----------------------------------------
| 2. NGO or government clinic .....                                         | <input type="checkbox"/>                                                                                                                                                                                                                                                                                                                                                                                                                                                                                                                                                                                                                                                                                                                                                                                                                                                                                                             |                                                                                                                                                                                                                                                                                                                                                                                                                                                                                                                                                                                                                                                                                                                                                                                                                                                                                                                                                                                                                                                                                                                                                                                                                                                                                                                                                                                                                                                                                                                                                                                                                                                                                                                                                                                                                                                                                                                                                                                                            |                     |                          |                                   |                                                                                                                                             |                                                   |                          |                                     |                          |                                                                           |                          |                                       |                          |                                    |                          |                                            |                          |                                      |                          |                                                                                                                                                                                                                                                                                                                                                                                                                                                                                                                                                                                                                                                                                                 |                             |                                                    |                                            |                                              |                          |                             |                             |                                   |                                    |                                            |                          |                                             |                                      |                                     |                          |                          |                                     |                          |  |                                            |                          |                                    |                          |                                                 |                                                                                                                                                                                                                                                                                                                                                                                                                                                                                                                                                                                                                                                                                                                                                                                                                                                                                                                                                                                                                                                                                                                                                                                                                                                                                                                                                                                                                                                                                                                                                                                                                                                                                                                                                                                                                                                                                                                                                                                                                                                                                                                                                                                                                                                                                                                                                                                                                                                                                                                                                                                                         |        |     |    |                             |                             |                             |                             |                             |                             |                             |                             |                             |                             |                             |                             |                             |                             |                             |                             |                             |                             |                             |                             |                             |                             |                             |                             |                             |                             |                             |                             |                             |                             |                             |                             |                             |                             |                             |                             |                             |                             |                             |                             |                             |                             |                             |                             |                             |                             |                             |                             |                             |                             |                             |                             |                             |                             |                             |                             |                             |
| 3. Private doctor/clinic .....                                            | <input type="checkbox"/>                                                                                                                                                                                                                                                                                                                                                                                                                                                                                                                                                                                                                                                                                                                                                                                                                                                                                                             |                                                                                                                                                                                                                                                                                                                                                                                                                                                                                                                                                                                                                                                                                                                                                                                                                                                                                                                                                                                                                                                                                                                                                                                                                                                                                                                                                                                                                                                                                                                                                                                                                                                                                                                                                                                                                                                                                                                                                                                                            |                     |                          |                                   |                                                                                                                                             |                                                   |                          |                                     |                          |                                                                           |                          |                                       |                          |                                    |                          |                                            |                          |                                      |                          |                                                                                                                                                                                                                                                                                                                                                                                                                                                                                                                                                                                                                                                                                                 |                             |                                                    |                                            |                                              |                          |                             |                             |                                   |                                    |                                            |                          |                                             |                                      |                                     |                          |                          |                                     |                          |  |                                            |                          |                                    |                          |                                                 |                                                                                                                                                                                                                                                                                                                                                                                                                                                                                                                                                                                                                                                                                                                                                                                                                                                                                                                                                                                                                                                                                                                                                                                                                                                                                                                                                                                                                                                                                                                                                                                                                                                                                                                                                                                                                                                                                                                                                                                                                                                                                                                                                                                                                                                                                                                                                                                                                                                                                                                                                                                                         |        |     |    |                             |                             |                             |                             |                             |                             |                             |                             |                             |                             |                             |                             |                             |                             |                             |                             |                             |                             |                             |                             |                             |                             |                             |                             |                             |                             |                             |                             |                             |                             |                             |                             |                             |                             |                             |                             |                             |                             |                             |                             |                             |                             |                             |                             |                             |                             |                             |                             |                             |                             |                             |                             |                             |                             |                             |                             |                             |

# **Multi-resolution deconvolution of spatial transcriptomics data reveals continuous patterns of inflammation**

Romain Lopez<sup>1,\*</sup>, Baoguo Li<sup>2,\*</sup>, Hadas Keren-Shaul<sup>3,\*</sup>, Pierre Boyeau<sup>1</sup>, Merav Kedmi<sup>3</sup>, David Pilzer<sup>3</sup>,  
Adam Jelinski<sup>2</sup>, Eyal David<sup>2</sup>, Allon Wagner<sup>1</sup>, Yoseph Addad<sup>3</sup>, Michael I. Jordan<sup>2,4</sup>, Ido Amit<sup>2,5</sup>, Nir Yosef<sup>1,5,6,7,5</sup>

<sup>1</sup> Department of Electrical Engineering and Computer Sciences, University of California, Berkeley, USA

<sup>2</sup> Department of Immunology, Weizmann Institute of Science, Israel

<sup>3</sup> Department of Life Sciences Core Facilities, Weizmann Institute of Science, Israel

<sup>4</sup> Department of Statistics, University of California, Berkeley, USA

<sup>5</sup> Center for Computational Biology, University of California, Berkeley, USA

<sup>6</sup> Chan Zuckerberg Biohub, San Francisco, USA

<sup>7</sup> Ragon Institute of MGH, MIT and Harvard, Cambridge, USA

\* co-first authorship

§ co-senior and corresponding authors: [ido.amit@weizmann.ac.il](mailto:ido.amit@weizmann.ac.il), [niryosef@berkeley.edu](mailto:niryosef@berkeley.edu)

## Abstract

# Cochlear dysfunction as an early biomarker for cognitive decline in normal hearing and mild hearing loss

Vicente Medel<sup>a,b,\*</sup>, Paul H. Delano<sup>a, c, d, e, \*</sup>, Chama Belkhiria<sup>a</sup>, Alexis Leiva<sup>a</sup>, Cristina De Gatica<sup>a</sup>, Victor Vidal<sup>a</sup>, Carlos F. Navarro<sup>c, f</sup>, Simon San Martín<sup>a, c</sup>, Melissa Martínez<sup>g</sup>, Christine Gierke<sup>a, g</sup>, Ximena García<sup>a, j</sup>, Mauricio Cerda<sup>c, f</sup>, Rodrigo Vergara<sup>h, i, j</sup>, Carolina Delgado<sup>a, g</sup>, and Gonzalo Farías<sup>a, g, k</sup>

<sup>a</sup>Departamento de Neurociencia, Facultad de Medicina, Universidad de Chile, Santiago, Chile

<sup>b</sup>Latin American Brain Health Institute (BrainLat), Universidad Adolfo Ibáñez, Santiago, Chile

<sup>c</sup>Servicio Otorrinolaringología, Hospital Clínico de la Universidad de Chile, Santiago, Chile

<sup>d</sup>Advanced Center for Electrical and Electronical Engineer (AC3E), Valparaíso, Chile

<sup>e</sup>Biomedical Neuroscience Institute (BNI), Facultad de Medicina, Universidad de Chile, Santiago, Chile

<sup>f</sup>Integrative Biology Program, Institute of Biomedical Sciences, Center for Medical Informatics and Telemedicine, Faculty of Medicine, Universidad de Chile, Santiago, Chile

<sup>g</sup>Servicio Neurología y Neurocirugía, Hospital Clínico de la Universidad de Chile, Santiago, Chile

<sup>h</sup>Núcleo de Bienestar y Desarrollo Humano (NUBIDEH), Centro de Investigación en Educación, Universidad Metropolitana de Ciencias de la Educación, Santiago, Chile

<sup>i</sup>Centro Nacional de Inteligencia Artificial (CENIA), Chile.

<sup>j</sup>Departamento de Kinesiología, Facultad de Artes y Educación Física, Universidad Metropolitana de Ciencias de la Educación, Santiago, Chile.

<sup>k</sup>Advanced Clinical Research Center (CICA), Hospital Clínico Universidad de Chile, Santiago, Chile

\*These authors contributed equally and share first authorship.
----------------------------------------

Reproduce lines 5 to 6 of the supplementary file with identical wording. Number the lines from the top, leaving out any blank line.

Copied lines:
Adam Jelinski<sup>2</sup>, Eyal David<sup>2</sup>, Allon Wagner<sup>1</sup>, Yoseph Addad<sup>3</sup>, Michael I. Jordan<sup>2,4</sup>, Ido Amit<sup>2,5</sup>, Nir Yosef<sup>1,5,6,7,5</sup>

<sup>1</sup> Department of Electrical Engineering and Computer Sciences, University of California, Berkeley, USA